Created across thirteen years, forty-eight states, and eighty thousand miles, this startlingly fresh photographic portrait of the American landscape shares artistic affinities with the works of such American masters as Edward Hopper, Grant Wood, Mark Rothko, and Albert Bierstadt.
Jarred by the 9/11 attacks, photographer Jack Spencer set out in 2003 “in hopes of making a few ‘sketches’ of America in order to gain some clarity on what it meant to be living in this nation at this moment in time.” Across thirteen years, forty-eight states, and eighty thousand miles of driving, Spencer created a vast, encompassing portrait of the American landscape that is both contemporary and timeless.
This Land presents some one hundred and forty photographs that span the nation, from Key West to Death Valley and Texas to Montana. From the monochromatic and distressed black-and-white images that began the series to the oversaturated color of more recent years, these photographs present a startlingly fresh perspective on America. The breadth of imagery in This Land brings to mind the works of such American masters as Edward Hopper, Grant Wood, Mark Rothko, and Albert Bierstadt, while also evoking the sense of the open roads traveled by Woody Guthrie and Jack Kerouac. Spencer’s pictorialist vision embraces the sweeping variety of American landscapes—coasts, deltas, forests, deserts, mountain ranges, and prairies—and iconic places such as Mount Rushmore and Wounded Knee. Jon Meacham writes in the foreword that Spencer’s “most surprising images are of a country that I suspect many of us believed had disappeared. The fading churches, the roaming bison, the running horses: Spencer has found a mythical world, except it is real, and it is now, and it is ours.”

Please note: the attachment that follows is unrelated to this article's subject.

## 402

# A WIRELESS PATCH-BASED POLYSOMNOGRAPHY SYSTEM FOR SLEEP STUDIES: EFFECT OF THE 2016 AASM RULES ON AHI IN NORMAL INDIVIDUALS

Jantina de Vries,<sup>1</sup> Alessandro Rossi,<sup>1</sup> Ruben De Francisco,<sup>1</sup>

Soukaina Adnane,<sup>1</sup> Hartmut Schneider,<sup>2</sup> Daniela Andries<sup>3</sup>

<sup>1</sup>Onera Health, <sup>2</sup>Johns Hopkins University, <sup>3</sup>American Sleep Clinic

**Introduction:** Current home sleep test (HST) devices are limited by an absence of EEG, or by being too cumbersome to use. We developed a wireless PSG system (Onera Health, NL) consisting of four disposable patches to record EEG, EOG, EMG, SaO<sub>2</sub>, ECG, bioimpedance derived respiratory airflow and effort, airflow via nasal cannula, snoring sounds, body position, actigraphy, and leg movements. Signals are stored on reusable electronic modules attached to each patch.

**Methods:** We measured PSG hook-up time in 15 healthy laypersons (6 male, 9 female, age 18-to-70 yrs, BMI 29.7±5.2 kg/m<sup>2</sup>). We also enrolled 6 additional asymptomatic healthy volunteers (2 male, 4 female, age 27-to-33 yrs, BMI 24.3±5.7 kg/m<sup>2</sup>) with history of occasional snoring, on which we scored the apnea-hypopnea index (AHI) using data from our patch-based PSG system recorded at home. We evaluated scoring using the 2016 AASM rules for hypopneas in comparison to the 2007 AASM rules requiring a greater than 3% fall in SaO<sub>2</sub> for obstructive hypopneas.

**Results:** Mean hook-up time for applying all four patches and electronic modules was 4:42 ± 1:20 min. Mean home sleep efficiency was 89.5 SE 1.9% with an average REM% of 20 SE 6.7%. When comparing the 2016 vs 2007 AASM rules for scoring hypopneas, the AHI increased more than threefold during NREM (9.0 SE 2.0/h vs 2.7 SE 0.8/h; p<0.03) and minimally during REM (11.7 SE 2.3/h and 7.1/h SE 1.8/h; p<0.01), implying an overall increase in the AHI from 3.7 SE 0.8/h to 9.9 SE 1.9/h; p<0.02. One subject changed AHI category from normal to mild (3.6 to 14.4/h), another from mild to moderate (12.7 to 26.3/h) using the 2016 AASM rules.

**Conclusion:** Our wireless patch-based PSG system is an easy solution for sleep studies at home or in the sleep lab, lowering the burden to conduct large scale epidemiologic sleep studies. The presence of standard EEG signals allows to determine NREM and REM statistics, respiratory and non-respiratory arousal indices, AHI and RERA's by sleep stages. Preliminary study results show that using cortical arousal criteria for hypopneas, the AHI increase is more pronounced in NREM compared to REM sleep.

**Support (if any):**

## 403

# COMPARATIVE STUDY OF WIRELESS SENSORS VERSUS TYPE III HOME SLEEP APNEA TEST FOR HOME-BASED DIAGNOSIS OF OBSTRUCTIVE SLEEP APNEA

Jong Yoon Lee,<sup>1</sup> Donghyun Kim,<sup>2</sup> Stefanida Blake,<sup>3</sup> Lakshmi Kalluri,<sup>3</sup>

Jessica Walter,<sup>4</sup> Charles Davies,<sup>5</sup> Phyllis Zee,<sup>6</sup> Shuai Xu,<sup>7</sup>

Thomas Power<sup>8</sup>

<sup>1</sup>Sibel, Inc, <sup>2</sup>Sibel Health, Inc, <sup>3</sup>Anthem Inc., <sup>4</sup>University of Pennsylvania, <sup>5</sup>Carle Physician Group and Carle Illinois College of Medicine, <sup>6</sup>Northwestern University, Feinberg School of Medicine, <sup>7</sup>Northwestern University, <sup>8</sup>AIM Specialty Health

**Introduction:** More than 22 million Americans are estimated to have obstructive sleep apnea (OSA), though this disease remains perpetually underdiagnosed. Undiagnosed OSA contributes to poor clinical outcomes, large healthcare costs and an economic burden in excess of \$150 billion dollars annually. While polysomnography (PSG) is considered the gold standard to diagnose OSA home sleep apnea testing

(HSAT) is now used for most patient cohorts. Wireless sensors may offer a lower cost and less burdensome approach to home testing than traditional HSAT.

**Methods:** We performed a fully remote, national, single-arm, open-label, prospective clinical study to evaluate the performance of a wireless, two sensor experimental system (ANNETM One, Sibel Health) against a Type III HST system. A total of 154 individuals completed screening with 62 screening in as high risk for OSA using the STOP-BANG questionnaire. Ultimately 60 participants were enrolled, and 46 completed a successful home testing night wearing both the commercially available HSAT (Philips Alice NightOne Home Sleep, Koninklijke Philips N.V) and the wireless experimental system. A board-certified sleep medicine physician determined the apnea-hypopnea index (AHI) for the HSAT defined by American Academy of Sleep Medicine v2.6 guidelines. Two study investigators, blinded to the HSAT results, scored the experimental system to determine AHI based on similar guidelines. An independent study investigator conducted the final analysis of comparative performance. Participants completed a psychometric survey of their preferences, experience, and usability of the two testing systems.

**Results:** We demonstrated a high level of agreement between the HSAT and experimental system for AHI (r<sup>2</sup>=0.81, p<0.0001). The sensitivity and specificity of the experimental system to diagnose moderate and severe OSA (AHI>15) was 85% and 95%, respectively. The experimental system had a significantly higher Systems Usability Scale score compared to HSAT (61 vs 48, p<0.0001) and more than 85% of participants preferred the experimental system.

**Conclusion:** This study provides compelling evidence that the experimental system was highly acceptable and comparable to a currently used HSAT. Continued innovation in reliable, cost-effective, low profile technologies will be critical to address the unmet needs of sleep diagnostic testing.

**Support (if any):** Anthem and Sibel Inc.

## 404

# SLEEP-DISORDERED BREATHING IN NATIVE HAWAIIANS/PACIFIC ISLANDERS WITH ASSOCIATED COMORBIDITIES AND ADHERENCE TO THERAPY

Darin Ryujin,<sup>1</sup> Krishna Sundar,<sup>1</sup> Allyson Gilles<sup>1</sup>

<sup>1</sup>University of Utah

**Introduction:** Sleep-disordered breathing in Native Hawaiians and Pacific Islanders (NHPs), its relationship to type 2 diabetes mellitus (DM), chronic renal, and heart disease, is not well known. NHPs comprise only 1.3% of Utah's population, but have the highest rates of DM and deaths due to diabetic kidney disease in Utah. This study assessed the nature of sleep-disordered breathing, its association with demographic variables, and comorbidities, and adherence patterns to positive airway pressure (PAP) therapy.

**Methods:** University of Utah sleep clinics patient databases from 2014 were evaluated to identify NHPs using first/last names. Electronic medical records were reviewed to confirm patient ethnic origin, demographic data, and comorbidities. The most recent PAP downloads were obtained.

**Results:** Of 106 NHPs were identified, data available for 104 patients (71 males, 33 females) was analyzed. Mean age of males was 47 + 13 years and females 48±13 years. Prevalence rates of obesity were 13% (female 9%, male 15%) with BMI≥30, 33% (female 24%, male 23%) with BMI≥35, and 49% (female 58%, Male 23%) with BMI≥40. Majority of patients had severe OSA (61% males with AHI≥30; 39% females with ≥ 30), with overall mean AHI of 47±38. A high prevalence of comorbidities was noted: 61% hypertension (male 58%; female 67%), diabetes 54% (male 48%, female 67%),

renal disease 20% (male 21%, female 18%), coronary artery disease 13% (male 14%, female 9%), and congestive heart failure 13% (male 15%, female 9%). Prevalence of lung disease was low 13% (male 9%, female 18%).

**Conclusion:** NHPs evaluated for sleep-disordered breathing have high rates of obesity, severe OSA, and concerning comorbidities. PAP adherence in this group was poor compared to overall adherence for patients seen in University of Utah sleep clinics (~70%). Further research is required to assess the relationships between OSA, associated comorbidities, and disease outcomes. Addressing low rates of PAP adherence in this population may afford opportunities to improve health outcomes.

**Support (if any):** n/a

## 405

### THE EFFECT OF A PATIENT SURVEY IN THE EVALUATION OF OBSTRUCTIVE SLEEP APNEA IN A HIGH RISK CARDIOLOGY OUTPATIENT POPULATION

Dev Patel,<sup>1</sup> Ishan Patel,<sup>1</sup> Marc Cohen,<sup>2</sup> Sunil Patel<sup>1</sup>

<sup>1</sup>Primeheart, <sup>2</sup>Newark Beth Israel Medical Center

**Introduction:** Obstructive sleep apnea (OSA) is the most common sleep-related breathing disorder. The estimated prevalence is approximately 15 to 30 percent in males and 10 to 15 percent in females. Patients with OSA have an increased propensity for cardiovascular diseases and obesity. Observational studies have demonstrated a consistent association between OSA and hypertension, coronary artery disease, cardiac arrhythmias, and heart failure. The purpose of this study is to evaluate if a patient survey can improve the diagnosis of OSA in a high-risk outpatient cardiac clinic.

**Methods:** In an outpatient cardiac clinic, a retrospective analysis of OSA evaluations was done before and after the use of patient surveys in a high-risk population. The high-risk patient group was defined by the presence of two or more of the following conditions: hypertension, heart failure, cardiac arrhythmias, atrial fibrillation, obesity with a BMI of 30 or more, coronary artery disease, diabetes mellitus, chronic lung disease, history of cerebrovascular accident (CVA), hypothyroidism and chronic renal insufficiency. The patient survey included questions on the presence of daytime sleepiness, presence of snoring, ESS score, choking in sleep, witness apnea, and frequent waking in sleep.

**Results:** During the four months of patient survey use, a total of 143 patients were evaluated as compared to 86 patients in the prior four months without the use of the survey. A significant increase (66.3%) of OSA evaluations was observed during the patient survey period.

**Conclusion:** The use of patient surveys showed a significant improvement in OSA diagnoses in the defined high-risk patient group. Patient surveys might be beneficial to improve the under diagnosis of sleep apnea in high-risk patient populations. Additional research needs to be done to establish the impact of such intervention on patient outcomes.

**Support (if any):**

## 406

“'Bang!' went my heart when I opened the photographer Jack Spencer’s powerful This Land: An American Portrait.”
New York Times Book Review
“Spencer dazzles us with his visual poetry while at the same time guiding us to look beyond his images. He explores the delicate balance struck with what our culture demands and what truly is important to lead a fulfilling life.”
Great Plains Quarterly